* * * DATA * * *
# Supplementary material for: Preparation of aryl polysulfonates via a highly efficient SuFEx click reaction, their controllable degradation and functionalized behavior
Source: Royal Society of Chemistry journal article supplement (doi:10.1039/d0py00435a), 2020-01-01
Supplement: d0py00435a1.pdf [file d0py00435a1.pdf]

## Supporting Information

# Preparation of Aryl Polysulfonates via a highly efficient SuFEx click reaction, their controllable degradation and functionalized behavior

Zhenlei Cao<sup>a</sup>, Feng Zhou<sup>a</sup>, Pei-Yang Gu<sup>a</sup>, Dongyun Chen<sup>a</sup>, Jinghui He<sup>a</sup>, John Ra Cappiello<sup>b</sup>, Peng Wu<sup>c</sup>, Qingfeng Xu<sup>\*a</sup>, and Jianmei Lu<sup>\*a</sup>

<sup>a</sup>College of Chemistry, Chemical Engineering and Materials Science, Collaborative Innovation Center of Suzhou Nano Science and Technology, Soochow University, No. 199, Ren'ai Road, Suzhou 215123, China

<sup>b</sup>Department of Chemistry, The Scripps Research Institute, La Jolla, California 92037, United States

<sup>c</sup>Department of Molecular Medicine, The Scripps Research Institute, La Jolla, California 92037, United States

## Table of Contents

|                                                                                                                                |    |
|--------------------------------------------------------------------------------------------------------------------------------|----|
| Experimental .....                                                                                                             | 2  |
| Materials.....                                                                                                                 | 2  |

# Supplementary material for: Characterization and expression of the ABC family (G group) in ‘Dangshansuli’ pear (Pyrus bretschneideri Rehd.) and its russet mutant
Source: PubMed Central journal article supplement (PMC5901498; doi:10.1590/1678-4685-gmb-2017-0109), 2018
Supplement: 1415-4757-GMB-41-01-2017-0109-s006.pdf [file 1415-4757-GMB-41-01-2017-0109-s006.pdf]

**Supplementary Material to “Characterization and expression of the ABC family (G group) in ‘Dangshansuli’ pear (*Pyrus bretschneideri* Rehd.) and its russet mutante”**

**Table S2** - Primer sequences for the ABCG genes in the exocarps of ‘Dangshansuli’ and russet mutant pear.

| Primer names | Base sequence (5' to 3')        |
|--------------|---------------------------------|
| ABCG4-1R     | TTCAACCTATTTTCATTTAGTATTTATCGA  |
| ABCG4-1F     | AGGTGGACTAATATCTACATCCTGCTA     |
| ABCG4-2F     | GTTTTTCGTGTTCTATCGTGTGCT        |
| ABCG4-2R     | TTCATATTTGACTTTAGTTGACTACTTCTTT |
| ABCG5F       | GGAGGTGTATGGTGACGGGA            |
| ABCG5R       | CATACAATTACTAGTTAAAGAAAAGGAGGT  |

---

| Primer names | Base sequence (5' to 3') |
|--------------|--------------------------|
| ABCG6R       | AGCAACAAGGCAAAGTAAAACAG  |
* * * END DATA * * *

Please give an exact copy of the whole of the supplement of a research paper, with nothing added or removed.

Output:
# Supplementary material for: Preparation of aryl polysulfonates via a highly efficient SuFEx click reaction, their controllable degradation and functionalized behavior
Source: Royal Society of Chemistry journal article supplement (doi:10.1039/d0py00435a), 2020-01-01
Supplement: d0py00435a1.pdf [file d0py00435a1.pdf]

## Supporting Information

# Preparation of Aryl Polysulfonates via a highly efficient SuFEx click reaction, their controllable degradation and functionalized behavior

Zhenlei Cao<sup>a</sup>, Feng Zhou<sup>a</sup>, Pei-Yang Gu<sup>a</sup>, Dongyun Chen<sup>a</sup>, Jinghui He<sup>a</sup>, John Ra Cappiello<sup>b</sup>, Peng Wu<sup>c</sup>, Qingfeng Xu<sup>\*a</sup>, and Jianmei Lu<sup>\*a</sup>

<sup>a</sup>College of Chemistry, Chemical Engineering and Materials Science, Collaborative Innovation Center of Suzhou Nano Science and Technology, Soochow University, No. 199, Ren'ai Road, Suzhou 215123, China

<sup>b</sup>Department of Chemistry, The Scripps Research Institute, La Jolla, California 92037, United States

<sup>c</sup>Department of Molecular Medicine, The Scripps Research Institute, La Jolla, California 92037, United States

## Table of Contents

|                                                                                                                                |    |
|--------------------------------------------------------------------------------------------------------------------------------|----|
| Experimental .....                                                                                                             | 2  |
| Materials.....                                                                                                                 | 2  |

# Supplementary material for: Characterization and expression of the ABC family (G group) in ‘Dangshansuli’ pear (Pyrus bretschneideri Rehd.) and its russet mutant
Source: PubMed Central journal article supplement (PMC5901498; doi:10.1590/1678-4685-gmb-2017-0109), 2018
Supplement: 1415-4757-GMB-41-01-2017-0109-s006.pdf [file 1415-4757-GMB-41-01-2017-0109-s006.pdf]

**Supplementary Material to “Characterization and expression of the ABC family (G group) in ‘Dangshansuli’ pear (*Pyrus bretschneideri* Rehd.) and its russet mutante”**

**Table S2** - Primer sequences for the ABCG genes in the exocarps of ‘Dangshansuli’ and russet mutant pear.

| Primer names | Base sequence (5' to 3')        |
|--------------|---------------------------------|
| ABCG4-1R     | TTCAACCTATTTTCATTTAGTATTTATCGA  |
| ABCG4-1F     | AGGTGGACTAATATCTACATCCTGCTA     |
| ABCG4-2F     | GTTTTTCGTGTTCTATCGTGTGCT        |
| ABCG4-2R     | TTCATATTTGACTTTAGTTGACTACTTCTTT |
| ABCG5F       | GGAGGTGTATGGTGACGGGA            |
| ABCG5R       | CATACAATTACTAGTTAAAGAAAAGGAGGT  |

---

| Primer names | Base sequence (5' to 3') |
|--------------|--------------------------|
| ABCG6R       | AGCAACAAGGCAAAGTAAAACAG  |